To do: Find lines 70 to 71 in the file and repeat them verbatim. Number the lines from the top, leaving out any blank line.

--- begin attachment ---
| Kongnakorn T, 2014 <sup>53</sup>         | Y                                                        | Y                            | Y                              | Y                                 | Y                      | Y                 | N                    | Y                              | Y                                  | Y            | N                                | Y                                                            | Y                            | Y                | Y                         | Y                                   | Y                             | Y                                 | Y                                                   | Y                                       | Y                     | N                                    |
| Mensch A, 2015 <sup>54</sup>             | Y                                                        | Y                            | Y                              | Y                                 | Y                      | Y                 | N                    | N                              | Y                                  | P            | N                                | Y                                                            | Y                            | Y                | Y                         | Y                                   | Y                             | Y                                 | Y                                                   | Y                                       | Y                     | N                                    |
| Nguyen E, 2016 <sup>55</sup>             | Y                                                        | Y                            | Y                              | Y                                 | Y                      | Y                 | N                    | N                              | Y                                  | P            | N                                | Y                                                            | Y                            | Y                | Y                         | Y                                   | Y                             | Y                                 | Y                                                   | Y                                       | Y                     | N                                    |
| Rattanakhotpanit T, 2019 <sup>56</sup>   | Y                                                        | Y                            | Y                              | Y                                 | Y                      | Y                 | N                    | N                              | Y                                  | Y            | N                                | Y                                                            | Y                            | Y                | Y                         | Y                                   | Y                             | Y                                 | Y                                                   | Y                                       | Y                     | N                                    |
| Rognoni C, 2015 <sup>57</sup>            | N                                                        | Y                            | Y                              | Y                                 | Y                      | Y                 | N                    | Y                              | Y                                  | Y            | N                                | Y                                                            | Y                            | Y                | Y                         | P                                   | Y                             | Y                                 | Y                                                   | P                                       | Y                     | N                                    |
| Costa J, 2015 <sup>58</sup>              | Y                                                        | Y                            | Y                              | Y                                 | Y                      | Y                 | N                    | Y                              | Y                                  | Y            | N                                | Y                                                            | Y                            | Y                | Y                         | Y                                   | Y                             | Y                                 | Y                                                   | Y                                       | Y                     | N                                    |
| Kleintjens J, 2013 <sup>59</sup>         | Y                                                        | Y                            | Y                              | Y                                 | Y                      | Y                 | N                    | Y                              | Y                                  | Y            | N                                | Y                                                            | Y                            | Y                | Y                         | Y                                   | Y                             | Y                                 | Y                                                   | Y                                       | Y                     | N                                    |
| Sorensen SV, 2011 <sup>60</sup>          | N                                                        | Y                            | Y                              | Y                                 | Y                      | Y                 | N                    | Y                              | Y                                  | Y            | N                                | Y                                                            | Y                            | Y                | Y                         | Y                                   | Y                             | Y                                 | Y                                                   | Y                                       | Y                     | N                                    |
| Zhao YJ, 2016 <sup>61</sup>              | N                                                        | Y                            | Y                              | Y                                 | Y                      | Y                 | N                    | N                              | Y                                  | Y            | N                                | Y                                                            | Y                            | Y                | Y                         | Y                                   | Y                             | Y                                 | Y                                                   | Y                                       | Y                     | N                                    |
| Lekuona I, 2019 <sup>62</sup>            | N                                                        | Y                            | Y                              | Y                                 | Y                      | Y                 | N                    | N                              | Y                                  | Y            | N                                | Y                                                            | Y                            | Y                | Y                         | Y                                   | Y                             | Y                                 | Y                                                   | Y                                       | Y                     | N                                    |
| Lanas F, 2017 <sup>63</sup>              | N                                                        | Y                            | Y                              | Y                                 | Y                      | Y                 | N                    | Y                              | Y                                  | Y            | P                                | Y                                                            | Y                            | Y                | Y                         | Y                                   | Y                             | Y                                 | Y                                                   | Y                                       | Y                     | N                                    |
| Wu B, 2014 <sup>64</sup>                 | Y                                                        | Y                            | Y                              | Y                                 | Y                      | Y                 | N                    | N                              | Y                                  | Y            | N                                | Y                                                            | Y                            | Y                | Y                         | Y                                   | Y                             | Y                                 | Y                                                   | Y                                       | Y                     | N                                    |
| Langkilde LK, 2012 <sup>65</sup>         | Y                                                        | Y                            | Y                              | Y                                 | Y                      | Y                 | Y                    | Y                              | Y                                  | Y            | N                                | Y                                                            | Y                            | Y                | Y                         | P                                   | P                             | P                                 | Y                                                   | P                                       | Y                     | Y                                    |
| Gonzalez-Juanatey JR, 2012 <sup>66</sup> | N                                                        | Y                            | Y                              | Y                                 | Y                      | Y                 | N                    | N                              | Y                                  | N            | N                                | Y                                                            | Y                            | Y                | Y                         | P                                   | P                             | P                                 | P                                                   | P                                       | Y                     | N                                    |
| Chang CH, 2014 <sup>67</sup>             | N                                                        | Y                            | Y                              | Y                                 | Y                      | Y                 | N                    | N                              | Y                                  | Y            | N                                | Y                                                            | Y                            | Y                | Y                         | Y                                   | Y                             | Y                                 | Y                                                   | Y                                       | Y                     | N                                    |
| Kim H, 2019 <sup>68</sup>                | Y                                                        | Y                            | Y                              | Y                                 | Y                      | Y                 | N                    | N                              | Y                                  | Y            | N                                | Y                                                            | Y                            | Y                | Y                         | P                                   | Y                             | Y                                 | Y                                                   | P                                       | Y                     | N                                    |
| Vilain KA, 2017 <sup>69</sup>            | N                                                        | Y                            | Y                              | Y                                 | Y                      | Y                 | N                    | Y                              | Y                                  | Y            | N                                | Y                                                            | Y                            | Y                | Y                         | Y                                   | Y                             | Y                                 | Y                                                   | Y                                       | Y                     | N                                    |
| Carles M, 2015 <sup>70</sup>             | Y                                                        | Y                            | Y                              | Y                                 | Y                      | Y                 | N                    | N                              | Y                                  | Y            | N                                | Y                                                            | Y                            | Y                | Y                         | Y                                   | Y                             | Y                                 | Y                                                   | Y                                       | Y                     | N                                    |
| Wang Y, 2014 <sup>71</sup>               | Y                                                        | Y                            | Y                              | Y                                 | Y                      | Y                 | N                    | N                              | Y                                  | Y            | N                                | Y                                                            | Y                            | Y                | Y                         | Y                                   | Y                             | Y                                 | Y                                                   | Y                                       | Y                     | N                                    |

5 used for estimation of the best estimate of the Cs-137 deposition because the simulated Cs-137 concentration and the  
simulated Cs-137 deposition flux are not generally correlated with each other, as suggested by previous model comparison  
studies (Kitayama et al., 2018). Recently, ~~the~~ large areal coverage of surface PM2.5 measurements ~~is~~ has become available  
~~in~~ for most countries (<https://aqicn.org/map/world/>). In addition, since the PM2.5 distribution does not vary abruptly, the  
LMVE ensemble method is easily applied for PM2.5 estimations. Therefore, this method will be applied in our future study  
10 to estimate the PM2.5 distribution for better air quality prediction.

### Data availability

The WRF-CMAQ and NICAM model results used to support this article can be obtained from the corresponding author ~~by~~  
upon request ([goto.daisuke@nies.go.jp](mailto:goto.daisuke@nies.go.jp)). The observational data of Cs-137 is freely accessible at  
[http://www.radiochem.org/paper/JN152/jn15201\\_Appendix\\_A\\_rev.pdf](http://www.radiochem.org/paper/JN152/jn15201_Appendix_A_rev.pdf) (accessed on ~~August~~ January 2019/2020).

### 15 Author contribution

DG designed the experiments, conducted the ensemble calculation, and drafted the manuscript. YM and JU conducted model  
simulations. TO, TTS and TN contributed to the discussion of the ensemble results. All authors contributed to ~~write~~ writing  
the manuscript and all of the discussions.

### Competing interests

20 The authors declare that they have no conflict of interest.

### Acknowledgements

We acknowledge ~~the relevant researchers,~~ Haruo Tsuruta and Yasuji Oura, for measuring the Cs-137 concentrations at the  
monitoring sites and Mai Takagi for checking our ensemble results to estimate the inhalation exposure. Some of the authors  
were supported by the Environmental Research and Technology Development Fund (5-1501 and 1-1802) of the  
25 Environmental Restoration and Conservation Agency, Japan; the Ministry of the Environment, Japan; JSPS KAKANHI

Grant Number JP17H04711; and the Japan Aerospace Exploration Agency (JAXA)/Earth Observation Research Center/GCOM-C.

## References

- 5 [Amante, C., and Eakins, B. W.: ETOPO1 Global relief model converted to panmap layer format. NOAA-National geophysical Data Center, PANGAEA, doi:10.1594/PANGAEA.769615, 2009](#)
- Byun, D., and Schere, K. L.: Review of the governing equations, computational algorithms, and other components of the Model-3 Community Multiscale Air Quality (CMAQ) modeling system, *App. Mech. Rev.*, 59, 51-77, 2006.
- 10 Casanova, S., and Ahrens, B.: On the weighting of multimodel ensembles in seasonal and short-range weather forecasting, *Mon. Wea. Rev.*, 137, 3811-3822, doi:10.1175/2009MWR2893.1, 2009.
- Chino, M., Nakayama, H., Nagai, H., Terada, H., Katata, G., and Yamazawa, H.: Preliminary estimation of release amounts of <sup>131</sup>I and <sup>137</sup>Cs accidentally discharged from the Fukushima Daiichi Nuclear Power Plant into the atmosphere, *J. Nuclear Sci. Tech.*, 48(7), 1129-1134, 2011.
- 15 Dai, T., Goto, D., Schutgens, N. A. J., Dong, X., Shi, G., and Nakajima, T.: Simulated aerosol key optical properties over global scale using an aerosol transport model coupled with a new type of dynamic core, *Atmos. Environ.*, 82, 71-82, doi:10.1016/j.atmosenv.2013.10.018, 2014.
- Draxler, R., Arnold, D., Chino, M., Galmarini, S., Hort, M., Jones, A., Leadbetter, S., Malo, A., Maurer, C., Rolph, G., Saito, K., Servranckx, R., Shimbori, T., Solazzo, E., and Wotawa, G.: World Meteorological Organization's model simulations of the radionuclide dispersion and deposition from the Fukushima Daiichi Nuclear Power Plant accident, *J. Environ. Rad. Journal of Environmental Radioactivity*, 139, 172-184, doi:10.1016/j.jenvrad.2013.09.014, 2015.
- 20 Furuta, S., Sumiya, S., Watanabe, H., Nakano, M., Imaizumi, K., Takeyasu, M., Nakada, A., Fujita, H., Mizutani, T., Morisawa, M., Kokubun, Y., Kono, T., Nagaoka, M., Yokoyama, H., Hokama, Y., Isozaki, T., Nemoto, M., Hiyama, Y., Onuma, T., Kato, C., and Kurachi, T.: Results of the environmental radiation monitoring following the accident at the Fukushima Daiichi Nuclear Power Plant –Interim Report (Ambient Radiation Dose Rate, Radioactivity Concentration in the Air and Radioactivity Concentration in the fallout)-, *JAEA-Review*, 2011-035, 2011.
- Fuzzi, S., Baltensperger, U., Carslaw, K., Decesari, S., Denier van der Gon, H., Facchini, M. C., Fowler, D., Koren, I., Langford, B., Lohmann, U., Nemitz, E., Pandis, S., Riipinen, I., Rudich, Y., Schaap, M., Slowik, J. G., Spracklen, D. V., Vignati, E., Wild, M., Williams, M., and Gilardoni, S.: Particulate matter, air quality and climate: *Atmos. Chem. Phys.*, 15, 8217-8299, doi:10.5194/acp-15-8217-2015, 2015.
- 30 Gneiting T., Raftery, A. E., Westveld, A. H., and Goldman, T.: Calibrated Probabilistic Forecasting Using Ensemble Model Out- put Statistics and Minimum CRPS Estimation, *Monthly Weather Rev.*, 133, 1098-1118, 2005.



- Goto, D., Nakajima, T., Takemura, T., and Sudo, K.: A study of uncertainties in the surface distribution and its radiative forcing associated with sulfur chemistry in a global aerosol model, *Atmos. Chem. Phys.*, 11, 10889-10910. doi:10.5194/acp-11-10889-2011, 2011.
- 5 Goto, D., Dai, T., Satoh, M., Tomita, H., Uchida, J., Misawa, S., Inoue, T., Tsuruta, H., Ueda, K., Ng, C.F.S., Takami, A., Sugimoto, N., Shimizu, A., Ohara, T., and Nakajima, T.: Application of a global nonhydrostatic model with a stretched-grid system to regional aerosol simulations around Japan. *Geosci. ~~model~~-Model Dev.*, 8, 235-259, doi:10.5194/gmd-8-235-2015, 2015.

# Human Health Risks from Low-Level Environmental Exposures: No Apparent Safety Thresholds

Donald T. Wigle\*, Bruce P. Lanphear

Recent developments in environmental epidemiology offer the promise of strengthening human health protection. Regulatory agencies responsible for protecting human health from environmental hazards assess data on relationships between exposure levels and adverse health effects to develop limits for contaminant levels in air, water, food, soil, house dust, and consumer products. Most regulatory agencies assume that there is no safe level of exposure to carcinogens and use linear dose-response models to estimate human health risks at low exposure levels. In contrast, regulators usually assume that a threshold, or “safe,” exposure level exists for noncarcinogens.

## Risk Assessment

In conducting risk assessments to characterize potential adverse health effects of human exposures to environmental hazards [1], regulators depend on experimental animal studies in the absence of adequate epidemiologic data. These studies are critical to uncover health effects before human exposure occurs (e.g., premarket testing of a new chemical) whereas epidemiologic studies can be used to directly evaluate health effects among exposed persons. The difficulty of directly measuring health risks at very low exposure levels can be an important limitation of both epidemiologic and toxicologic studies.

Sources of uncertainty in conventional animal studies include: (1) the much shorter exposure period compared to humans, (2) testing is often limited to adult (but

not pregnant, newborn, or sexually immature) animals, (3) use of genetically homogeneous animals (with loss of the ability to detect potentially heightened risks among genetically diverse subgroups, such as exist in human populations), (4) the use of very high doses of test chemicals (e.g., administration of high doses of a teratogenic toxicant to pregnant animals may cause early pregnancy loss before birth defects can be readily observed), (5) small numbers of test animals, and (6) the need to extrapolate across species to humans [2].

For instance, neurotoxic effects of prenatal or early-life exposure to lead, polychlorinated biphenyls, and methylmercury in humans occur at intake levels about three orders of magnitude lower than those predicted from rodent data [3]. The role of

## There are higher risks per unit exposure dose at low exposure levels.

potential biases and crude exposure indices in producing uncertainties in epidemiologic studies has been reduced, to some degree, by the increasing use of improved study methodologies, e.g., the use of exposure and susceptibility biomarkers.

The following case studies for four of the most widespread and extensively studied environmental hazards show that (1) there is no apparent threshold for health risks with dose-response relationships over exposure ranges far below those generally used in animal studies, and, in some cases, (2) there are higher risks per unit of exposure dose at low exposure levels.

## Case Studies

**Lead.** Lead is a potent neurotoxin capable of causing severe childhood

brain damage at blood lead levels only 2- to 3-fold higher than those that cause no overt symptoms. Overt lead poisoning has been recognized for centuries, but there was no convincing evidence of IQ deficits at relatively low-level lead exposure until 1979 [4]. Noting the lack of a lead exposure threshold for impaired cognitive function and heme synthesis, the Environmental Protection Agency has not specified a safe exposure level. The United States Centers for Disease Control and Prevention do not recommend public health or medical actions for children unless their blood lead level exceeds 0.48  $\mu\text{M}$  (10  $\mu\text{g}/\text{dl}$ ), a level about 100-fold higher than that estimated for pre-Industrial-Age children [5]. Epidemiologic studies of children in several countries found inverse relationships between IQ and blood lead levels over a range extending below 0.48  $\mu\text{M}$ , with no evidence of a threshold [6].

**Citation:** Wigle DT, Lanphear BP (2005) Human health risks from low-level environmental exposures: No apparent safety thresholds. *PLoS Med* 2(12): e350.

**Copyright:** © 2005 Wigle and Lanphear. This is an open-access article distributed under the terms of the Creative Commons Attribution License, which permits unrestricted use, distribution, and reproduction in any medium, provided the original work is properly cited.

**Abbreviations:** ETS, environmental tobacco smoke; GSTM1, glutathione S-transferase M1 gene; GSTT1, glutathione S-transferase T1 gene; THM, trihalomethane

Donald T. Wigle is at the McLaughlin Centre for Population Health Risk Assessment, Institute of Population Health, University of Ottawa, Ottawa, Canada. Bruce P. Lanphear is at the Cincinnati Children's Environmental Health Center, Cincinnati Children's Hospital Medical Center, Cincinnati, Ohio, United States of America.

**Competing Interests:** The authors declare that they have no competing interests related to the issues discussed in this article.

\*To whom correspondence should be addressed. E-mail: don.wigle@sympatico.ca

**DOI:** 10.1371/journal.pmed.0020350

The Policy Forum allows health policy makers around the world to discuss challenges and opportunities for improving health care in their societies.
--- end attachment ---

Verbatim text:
**Abbreviations:** ETS, environmental tobacco smoke; GSTM1, glutathione S-transferase M1 gene; GSTT1, glutathione S-transferase T1 gene; THM, trihalomethane

Donald T. Wigle is at the McLaughlin Centre for Population Health Risk Assessment, Institute of Population Health, University of Ottawa, Ottawa, Canada. Bruce P. Lanphear is at the Cincinnati Children's Environmental Health Center, Cincinnati Children's Hospital Medical Center, Cincinnati, Ohio, United States of America.